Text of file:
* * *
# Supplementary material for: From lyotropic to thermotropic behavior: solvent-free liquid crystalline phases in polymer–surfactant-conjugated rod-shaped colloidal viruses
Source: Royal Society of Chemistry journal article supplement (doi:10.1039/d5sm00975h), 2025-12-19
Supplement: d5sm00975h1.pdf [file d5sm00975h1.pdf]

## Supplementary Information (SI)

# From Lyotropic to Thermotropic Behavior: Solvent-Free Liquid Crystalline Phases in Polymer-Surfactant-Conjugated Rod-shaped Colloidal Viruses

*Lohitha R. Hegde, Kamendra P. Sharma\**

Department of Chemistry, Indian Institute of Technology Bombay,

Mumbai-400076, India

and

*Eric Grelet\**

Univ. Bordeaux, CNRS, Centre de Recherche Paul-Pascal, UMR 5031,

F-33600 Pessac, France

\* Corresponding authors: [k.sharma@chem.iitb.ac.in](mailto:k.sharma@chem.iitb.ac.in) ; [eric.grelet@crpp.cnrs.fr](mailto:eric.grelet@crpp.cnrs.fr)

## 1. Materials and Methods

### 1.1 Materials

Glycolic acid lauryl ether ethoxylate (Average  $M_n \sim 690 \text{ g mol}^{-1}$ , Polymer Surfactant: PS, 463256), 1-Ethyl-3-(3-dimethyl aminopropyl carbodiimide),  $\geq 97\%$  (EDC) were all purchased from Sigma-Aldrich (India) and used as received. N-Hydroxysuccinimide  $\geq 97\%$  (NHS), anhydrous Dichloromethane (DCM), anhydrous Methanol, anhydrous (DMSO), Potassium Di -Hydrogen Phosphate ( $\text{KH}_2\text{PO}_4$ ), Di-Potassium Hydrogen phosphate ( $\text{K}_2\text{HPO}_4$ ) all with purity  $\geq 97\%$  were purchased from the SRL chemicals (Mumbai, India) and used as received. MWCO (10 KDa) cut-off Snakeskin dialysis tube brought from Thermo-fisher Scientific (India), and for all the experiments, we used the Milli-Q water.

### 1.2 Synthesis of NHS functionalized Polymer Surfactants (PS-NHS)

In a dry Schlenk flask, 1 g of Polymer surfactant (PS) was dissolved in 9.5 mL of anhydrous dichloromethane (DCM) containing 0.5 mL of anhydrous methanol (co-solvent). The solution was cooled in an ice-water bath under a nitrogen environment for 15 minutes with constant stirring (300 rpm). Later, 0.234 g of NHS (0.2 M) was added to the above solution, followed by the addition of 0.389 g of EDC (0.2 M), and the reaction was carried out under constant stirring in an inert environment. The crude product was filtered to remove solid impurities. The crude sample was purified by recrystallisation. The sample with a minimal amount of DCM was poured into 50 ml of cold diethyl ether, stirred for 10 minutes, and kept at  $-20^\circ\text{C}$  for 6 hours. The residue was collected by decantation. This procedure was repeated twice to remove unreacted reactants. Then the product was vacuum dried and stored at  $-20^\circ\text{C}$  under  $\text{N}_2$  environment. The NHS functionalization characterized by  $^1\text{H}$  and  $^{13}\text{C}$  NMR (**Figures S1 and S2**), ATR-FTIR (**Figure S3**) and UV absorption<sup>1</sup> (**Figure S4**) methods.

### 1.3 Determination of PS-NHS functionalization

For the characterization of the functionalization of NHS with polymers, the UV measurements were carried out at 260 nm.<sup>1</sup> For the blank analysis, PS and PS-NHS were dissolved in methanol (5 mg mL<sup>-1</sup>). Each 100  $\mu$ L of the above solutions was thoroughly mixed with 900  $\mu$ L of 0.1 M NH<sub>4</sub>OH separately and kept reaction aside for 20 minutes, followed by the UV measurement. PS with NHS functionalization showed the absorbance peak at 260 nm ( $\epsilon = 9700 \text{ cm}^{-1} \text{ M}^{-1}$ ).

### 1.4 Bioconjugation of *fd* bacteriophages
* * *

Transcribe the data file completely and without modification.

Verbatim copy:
# Supplementary material for: From lyotropic to thermotropic behavior: solvent-free liquid crystalline phases in polymer–surfactant-conjugated rod-shaped colloidal viruses
Source: Royal Society of Chemistry journal article supplement (doi:10.1039/d5sm00975h), 2025-12-19
Supplement: d5sm00975h1.pdf [file d5sm00975h1.pdf]

## Supplementary Information (SI)

# From Lyotropic to Thermotropic Behavior: Solvent-Free Liquid Crystalline Phases in Polymer-Surfactant-Conjugated Rod-shaped Colloidal Viruses

*Lohitha R. Hegde, Kamendra P. Sharma\**

Department of Chemistry, Indian Institute of Technology Bombay,

Mumbai-400076, India

and

*Eric Grelet\**

Univ. Bordeaux, CNRS, Centre de Recherche Paul-Pascal, UMR 5031,

F-33600 Pessac, France

\* Corresponding authors: [k.sharma@chem.iitb.ac.in](mailto:k.sharma@chem.iitb.ac.in) ; [eric.grelet@crpp.cnrs.fr](mailto:eric.grelet@crpp.cnrs.fr)

## 1. Materials and Methods

### 1.1 Materials

Glycolic acid lauryl ether ethoxylate (Average  $M_n \sim 690 \text{ g mol}^{-1}$ , Polymer Surfactant: PS, 463256), 1-Ethyl-3-(3-dimethyl aminopropyl carbodiimide),  $\geq 97\%$  (EDC) were all purchased from Sigma-Aldrich (India) and used as received. N-Hydroxysuccinimide  $\geq 97\%$  (NHS), anhydrous Dichloromethane (DCM), anhydrous Methanol, anhydrous (DMSO), Potassium Di -Hydrogen Phosphate ( $\text{KH}_2\text{PO}_4$ ), Di-Potassium Hydrogen phosphate ( $\text{K}_2\text{HPO}_4$ ) all with purity  $\geq 97\%$  were purchased from the SRL chemicals (Mumbai, India) and used as received. MWCO (10 KDa) cut-off Snakeskin dialysis tube brought from Thermo-fisher Scientific (India), and for all the experiments, we used the Milli-Q water.

### 1.2 Synthesis of NHS functionalized Polymer Surfactants (PS-NHS)

In a dry Schlenk flask, 1 g of Polymer surfactant (PS) was dissolved in 9.5 mL of anhydrous dichloromethane (DCM) containing 0.5 mL of anhydrous methanol (co-solvent). The solution was cooled in an ice-water bath under a nitrogen environment for 15 minutes with constant stirring (300 rpm). Later, 0.234 g of NHS (0.2 M) was added to the above solution, followed by the addition of 0.389 g of EDC (0.2 M), and the reaction was carried out under constant stirring in an inert environment. The crude product was filtered to remove solid impurities. The crude sample was purified by recrystallisation. The sample with a minimal amount of DCM was poured into 50 ml of cold diethyl ether, stirred for 10 minutes, and kept at  $-20^\circ\text{C}$  for 6 hours. The residue was collected by decantation. This procedure was repeated twice to remove unreacted reactants. Then the product was vacuum dried and stored at  $-20^\circ\text{C}$  under  $\text{N}_2$  environment. The NHS functionalization characterized by  $^1\text{H}$  and  $^{13}\text{C}$  NMR (**Figures S1 and S2**), ATR-FTIR (**Figure S3**) and UV absorption<sup>1</sup> (**Figure S4**) methods.

### 1.3 Determination of PS-NHS functionalization

For the characterization of the functionalization of NHS with polymers, the UV measurements were carried out at 260 nm.<sup>1</sup> For the blank analysis, PS and PS-NHS were dissolved in methanol (5 mg mL<sup>-1</sup>). Each 100  $\mu$ L of the above solutions was thoroughly mixed with 900  $\mu$ L of 0.1 M NH<sub>4</sub>OH separately and kept reaction aside for 20 minutes, followed by the UV measurement. PS with NHS functionalization showed the absorbance peak at 260 nm ( $\epsilon = 9700 \text{ cm}^{-1} \text{ M}^{-1}$ ).

### 1.4 Bioconjugation of *fd* bacteriophages